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Teaching & Learning: Theory, Methods,
Technology, Content - Terra Nova Reviewed
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Technology, Content
Posted by cassidy@pacifier.com on 1998-06-16
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Evaluation of the California Test of Basic
Skills (CTBS) 5: Terra Nova 9th Grade Reading and Math
Dianne Cassidy May 2, 1998
After my son's experience with the Terra Nova
exam on Monday, April 13, (Gr. 9) I decided I should see the test for
myself. I went in to the school district office and was able to view
the actual 9th grade exam my son took. From my point of view, it is a
case of good news and bad news. Since I am not experienced in test
analysis, what follows is simply my impressions of what I saw. I was
able to take notes, but not copy any of the questions. I did a bit of
follow-up by posing some questions to our district’s director of
assessment, and Caleb Burns, Ph.D., who has been doing some
investigation of the validity of the Oregon State Assessments and the
Terra Nova tests.
The Terra Nova in Lake Oswego
The Terra Nova test was first introduced in
1997, and this is the second year the Lake Oswego School District has
administered this test to its students. All students at the 4th, 6th,
7th and 9th grades were asked to take part in this assessment.
Students in the 3rd, 5th, 8th and 10th grades were administered the
Oregon Statewide Assessments in Reading & Literature and Math.
McGraw-Hill created the Terra Nova (CTBS 5) in
1997 to update their standard test to reflect new educational trends
and to include problem-solving and thinking skills in their test
format. McGraw-Hill has created special parts within the Reading &
Literature and Math sections for its Oregon clients, the ESD
Consortium. The ESD Consortium consists of the Clackamas Co. ESD,
Multnomah Co. ESD, and the Northwest Regional Education Service
District. (Lake Oswego is in Clackamas Co.) These special sections
are specifically designed for Oregon educators to complement the
Oregon Statewide Assessments and are meant to be given at grades NOT
covered by the state assessments. The Consortium Off-Grade (COG)
tests are expected to yield information abut student progress in
relation to the Oregon content and performance standards and to a
national norm-referenced group.
Lake Oswego did not have students take this
special COG test this year as there was not sufficient time to do so.
Next year the 10th graders will be taking the Statewide Assessments
in order to qualify for the Certificate of Initial Mastery. Off-grade
students will be assessed with the Terra Nova to determine if they
are meeting the benchmarks established for their grade. Students who
score 1 standard deviation below the cut score will need remediation
to prepare them for the CIM by 10th grade. I did not look at or
review these Oregon-only sections.
The first technical manual for the Terra Nova
does not indicate comparisons to other achievement tests. Standard
practice for test creation and use is to have external validation of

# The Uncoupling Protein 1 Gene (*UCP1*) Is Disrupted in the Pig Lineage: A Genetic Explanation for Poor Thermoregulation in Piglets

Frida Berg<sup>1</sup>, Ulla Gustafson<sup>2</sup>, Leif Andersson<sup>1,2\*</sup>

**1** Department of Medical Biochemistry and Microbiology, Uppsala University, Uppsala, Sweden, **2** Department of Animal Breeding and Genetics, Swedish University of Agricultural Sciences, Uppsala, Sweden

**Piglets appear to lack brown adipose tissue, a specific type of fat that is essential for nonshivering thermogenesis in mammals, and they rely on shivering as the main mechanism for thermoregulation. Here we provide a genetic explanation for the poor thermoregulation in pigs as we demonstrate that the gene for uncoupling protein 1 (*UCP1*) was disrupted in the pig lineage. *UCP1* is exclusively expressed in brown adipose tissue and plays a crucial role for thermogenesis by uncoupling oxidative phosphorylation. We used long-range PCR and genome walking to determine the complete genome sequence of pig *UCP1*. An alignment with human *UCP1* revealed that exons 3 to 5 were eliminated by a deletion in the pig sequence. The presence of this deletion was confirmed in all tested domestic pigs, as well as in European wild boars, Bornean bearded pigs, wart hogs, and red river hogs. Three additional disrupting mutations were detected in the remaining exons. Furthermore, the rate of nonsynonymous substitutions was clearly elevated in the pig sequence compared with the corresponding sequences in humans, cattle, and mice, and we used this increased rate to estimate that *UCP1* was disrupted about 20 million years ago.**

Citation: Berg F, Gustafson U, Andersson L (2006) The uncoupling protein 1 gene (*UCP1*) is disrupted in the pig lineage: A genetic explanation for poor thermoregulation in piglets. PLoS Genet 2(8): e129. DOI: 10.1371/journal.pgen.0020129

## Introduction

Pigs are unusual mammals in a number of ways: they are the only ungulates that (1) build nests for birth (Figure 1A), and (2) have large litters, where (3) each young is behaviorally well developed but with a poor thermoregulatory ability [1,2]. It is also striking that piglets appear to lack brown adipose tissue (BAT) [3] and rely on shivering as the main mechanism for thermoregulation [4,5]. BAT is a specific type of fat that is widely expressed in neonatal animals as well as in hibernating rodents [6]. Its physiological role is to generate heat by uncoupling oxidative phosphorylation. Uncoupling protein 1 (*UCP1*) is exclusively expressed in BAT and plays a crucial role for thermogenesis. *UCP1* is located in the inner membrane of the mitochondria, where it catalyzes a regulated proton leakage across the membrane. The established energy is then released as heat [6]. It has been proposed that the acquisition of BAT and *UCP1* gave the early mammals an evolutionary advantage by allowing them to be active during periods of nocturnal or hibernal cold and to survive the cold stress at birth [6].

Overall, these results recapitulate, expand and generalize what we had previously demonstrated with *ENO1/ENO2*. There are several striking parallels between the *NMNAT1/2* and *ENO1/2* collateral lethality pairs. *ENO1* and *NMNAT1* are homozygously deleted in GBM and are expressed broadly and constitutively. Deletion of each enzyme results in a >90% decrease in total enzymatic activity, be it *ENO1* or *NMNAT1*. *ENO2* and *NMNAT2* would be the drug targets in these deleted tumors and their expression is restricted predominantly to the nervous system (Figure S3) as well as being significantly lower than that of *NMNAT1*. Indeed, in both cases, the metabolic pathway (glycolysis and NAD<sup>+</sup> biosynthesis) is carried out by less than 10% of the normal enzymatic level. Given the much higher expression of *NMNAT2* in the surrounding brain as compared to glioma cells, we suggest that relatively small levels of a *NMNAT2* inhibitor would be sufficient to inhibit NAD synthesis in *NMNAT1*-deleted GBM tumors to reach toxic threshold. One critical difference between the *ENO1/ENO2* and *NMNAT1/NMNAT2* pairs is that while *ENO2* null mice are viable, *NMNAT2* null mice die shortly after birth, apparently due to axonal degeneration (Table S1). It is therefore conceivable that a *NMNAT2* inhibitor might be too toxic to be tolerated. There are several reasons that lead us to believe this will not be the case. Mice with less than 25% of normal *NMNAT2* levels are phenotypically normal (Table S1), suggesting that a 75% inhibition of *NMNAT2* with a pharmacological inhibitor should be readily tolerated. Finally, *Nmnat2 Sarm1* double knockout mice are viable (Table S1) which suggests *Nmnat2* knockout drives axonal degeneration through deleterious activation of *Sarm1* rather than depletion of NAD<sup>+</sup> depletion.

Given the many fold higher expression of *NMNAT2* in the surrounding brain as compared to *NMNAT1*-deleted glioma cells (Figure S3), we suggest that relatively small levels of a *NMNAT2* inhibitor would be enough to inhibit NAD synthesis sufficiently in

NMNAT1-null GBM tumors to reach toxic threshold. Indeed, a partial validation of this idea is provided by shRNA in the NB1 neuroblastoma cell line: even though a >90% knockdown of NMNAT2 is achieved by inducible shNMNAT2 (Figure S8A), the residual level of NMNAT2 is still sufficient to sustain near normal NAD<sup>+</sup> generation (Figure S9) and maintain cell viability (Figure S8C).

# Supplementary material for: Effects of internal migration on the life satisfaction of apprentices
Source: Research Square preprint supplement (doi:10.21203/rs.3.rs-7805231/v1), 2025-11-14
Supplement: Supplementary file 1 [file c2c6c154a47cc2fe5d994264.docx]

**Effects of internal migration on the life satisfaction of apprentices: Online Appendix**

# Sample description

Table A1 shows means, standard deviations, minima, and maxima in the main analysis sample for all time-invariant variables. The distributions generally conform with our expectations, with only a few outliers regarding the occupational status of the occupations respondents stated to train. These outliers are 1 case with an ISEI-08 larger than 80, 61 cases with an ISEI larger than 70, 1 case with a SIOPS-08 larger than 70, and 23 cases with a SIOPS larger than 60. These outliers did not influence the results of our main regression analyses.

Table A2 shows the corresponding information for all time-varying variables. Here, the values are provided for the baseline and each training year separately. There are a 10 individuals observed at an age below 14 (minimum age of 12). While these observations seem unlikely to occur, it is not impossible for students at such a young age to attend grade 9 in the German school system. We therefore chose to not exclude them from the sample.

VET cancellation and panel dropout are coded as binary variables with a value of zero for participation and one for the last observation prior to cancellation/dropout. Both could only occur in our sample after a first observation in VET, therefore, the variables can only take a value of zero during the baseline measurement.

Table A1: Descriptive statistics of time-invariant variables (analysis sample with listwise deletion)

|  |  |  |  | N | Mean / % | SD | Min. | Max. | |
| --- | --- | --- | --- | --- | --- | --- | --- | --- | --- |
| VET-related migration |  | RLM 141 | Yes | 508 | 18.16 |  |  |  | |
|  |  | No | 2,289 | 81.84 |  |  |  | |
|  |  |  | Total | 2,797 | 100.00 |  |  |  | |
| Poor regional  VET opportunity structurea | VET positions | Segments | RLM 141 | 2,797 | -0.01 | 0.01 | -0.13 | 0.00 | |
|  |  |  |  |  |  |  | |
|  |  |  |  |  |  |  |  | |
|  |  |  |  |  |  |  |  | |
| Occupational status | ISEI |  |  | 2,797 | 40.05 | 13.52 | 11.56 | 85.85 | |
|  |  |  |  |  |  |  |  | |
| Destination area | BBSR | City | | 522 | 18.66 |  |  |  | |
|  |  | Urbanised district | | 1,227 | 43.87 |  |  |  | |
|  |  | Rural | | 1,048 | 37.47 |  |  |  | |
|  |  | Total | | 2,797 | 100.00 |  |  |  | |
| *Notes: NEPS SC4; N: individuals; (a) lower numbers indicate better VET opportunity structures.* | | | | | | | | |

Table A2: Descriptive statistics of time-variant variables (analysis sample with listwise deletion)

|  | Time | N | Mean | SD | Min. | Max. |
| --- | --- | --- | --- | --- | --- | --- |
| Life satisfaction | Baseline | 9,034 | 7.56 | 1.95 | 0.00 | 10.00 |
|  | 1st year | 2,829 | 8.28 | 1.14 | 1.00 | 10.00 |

results, and the Terra Nova does not meet this standard. Further, in
April, 1998, a representative of McGraw-Hill said that the publishers
have no intention of doing any such comparisons in the future.
McGraw-Hill also does not list the names and expertise of its test
creators.
Note: The Oregon State Assessments (Reading and
Literature, and Math, grades 3, 5, 8, and 9) also have no external
validation, and no published literature with the names and expertise
of its test creators as required for content validity. The fact that
the Terra Nova is correlating its test results with the Oregon State
Assessments is troubling to say the least. Two tests, neither of
which has followed the standard test-making procedures outlined in
Standards for Educational and Psychological Testing, are now being
used to judge the academic achievement of a large number of students
in Lake Oswego, and in the state of Oregon.
Test Format
The Terra Nova test is divided into 2 sections,
Reading & Literature, and Math. Each section has two parts, Part A
and Part B. For members of the Oregon ESD Consortium, a third part in
each section was also created (see above).
Reading & Literature Section: Grade 9
I found the Reading & Literature section to be
very poorly constructed. I really don’t know what the test makers
were trying to test, and the district director of assessment could
not explain either what this section of the test was trying to
measure nor how the questions were valid. Only about 40% of the test
appeared to have anything to do with reading comprehension or
literature analysis. The other 60% was a mishmash of charts, concept
maps, questions that involved prior knowledge of little-used terms or
cultural experiences, and questions that asked students to respond as
to what they thought (not based on information given). There was
little here to suggest that a high or low score on this section would
have any relevance to one’s academic or thinking abilities.
As a literate adult, I was hard-pressed to
answer some of these questions! I was often searching the text for
clues as to what the expected, correct answer was, but could find no
clue. I have never been instructed as to the use of concept maps, and
wonder if there is an accepted method that ALL students are now
expected to know. My own children had no idea what a question of this
type “should” look like unless specific instructions were given. What
about kids (and adults) who have never seen a concept map? Are they
determined to be illiterate? Are all students 9th grade now expected
to analyze and interpret federal legal codes when no other supporting